Author: Brandon Middleton
My colleague Damien Schiff and I authored this op-ed, which ran last week in the Lahontan Valley News. An excerpt:
More and more, however, government officials are sowing uncertainty by reneging on longstanding promises or taking a slippery approach to laws or contracts that water users have relied on for generations.
For example, is the Obama Administration suddenly downgrading how farms, ranches, and urban communities are treated by federal reclamation projects? Water agencies throughout the West are worried, after the Bureau of Reclamation told an irrigation district in Grant County, Washington, that its water fees will no longer purchase any rights in the facilities that those fees help finance.
Historically, local water agencies that contract with federal projects (such as the Central Valley Project in California) have received ownership interest, over time, in the reservoirs, canals and other infrastructure built on their dime. By backing away from this principle, federal officials send a disturbing message: Water contractors will be relegated to the role of tenants instead of partners in reclamation programs. It’s the feds who will call the shots—unilaterally and arbitrarily—on who gets water and how much.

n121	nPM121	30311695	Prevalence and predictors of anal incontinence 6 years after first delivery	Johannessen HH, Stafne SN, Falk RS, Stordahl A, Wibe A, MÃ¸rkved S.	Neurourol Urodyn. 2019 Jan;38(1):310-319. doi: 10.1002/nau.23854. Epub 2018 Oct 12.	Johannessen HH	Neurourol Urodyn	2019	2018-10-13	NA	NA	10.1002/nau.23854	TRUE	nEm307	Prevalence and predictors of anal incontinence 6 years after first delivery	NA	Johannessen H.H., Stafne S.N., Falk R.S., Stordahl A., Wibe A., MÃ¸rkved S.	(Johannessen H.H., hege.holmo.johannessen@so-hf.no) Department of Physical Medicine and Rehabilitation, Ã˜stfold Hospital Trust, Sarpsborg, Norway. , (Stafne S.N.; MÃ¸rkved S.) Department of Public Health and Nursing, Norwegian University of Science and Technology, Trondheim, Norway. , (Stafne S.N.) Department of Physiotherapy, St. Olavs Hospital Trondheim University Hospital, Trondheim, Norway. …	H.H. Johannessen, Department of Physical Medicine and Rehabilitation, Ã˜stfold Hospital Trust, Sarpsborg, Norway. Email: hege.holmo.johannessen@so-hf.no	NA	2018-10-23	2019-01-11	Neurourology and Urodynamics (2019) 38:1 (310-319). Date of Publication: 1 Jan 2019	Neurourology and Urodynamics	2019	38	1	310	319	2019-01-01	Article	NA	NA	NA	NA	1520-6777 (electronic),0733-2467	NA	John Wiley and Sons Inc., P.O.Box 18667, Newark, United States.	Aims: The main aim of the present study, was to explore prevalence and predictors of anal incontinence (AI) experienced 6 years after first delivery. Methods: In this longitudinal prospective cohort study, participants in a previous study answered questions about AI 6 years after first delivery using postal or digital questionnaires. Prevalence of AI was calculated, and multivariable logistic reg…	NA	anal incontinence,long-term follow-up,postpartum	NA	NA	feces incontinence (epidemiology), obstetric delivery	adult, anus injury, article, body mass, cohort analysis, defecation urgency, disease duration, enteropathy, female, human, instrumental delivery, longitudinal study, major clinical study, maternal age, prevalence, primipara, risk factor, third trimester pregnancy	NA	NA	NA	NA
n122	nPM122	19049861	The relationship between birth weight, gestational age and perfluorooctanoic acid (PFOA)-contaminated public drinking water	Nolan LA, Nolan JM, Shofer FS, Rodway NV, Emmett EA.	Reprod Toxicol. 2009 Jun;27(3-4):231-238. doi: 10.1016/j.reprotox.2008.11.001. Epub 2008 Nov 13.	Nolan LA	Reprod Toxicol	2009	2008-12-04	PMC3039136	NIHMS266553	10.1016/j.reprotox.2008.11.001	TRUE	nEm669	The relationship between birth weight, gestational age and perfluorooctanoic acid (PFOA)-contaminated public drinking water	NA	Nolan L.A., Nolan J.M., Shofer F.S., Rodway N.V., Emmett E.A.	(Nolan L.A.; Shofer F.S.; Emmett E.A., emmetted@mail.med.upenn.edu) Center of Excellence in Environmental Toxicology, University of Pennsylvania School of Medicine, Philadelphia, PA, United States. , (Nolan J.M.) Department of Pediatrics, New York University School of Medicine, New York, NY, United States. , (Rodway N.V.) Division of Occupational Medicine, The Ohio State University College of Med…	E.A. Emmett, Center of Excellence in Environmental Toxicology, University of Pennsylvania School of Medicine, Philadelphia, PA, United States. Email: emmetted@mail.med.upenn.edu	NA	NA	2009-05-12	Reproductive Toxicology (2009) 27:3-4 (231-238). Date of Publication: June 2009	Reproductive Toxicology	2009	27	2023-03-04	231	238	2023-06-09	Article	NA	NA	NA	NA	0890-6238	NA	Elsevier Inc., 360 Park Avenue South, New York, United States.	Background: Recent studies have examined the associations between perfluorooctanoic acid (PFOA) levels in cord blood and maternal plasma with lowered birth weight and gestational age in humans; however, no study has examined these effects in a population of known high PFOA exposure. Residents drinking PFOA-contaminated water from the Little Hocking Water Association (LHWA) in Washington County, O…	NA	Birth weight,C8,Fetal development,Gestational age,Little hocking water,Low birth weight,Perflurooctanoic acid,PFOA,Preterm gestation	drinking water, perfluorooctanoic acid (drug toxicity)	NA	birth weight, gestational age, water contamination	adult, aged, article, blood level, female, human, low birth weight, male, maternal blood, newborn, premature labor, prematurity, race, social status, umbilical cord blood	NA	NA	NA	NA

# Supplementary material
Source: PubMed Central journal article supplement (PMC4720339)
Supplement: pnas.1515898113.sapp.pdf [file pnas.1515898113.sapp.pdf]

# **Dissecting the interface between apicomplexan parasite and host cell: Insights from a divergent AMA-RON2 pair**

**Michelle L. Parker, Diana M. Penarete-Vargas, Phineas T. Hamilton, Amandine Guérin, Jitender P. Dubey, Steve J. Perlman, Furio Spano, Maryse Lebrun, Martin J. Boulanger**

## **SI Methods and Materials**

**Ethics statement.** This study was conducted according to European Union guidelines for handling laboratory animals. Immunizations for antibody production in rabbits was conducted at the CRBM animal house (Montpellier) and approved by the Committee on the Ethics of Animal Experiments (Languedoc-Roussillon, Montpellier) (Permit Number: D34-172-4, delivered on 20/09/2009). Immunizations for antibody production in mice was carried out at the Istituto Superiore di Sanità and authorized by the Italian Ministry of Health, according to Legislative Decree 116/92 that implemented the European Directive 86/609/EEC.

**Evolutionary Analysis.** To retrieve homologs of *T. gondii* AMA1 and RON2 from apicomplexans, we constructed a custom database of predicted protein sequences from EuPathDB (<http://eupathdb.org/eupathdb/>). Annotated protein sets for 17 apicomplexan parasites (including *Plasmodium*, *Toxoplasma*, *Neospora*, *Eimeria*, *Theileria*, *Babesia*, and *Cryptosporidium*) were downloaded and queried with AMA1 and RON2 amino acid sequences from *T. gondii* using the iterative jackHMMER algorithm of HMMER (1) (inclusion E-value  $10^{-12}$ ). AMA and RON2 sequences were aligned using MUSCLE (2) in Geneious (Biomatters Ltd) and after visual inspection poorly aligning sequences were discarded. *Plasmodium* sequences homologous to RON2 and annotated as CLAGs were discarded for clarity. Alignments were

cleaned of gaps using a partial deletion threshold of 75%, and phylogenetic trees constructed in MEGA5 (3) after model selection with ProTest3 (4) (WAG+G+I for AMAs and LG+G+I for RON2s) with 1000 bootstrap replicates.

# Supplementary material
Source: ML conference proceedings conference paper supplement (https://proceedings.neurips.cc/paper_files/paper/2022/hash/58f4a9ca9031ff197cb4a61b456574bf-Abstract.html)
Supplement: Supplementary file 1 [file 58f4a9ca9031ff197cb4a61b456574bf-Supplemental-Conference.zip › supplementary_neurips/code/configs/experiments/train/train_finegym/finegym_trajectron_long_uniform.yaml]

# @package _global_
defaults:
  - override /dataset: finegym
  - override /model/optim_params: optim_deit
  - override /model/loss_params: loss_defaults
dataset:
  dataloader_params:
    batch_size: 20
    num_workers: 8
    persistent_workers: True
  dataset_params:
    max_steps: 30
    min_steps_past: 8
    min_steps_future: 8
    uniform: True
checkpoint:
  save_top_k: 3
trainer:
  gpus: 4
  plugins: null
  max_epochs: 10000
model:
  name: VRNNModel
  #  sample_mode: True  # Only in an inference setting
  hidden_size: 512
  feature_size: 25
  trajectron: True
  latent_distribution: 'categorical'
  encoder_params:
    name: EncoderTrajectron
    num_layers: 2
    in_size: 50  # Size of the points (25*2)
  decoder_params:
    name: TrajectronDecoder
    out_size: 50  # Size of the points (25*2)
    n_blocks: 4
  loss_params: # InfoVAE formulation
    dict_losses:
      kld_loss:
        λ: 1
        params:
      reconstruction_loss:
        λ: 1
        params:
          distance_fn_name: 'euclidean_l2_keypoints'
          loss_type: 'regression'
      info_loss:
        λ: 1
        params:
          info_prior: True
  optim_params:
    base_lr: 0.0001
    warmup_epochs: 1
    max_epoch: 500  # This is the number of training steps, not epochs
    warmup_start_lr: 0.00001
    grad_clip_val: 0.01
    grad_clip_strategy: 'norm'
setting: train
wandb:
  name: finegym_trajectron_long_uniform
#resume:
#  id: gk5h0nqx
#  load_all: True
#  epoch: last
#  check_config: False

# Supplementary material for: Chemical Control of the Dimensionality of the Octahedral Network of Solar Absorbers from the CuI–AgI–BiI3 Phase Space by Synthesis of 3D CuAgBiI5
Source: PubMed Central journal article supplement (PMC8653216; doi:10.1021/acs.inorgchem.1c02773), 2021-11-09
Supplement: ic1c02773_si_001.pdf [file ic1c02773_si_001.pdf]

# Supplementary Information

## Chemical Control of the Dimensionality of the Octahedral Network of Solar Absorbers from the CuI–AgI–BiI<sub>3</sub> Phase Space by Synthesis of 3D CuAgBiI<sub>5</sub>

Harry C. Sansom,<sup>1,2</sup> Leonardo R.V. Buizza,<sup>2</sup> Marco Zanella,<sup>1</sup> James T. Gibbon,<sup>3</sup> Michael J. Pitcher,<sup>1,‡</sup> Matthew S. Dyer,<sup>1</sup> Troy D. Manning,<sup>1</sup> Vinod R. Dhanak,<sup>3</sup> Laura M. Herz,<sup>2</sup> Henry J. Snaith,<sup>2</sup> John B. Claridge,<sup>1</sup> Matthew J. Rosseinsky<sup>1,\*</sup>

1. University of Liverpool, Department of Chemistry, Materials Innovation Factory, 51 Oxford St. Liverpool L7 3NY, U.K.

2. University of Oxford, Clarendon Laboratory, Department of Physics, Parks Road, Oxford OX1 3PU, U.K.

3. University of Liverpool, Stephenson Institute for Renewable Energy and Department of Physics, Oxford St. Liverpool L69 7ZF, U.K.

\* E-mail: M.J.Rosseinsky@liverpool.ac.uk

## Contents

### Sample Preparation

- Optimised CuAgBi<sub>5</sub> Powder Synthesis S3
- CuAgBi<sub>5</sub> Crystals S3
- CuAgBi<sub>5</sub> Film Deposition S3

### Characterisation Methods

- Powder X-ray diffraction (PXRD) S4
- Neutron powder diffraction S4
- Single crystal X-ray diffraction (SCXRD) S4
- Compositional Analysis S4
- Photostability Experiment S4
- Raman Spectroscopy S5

The danger in giving unchecked control to federal bureaucrats can be seen in California’s San Joaquin Valley in recent years. In a controversial strategy to rescue a tiny fish—the Delta smelt—that is on the Endangered Species Act protected list, water for farms and cities was cut dramatically, fallowing hundreds of thousands of acres in one of the nation’s agricultural heartlands.
These cutbacks, by federal officials, started even before the new threat to water contractors’ property interests. But they show how water flows could be turned on or off, unpredictably, if local agencies are squeezed out of any ownership role in federal reclamation projects.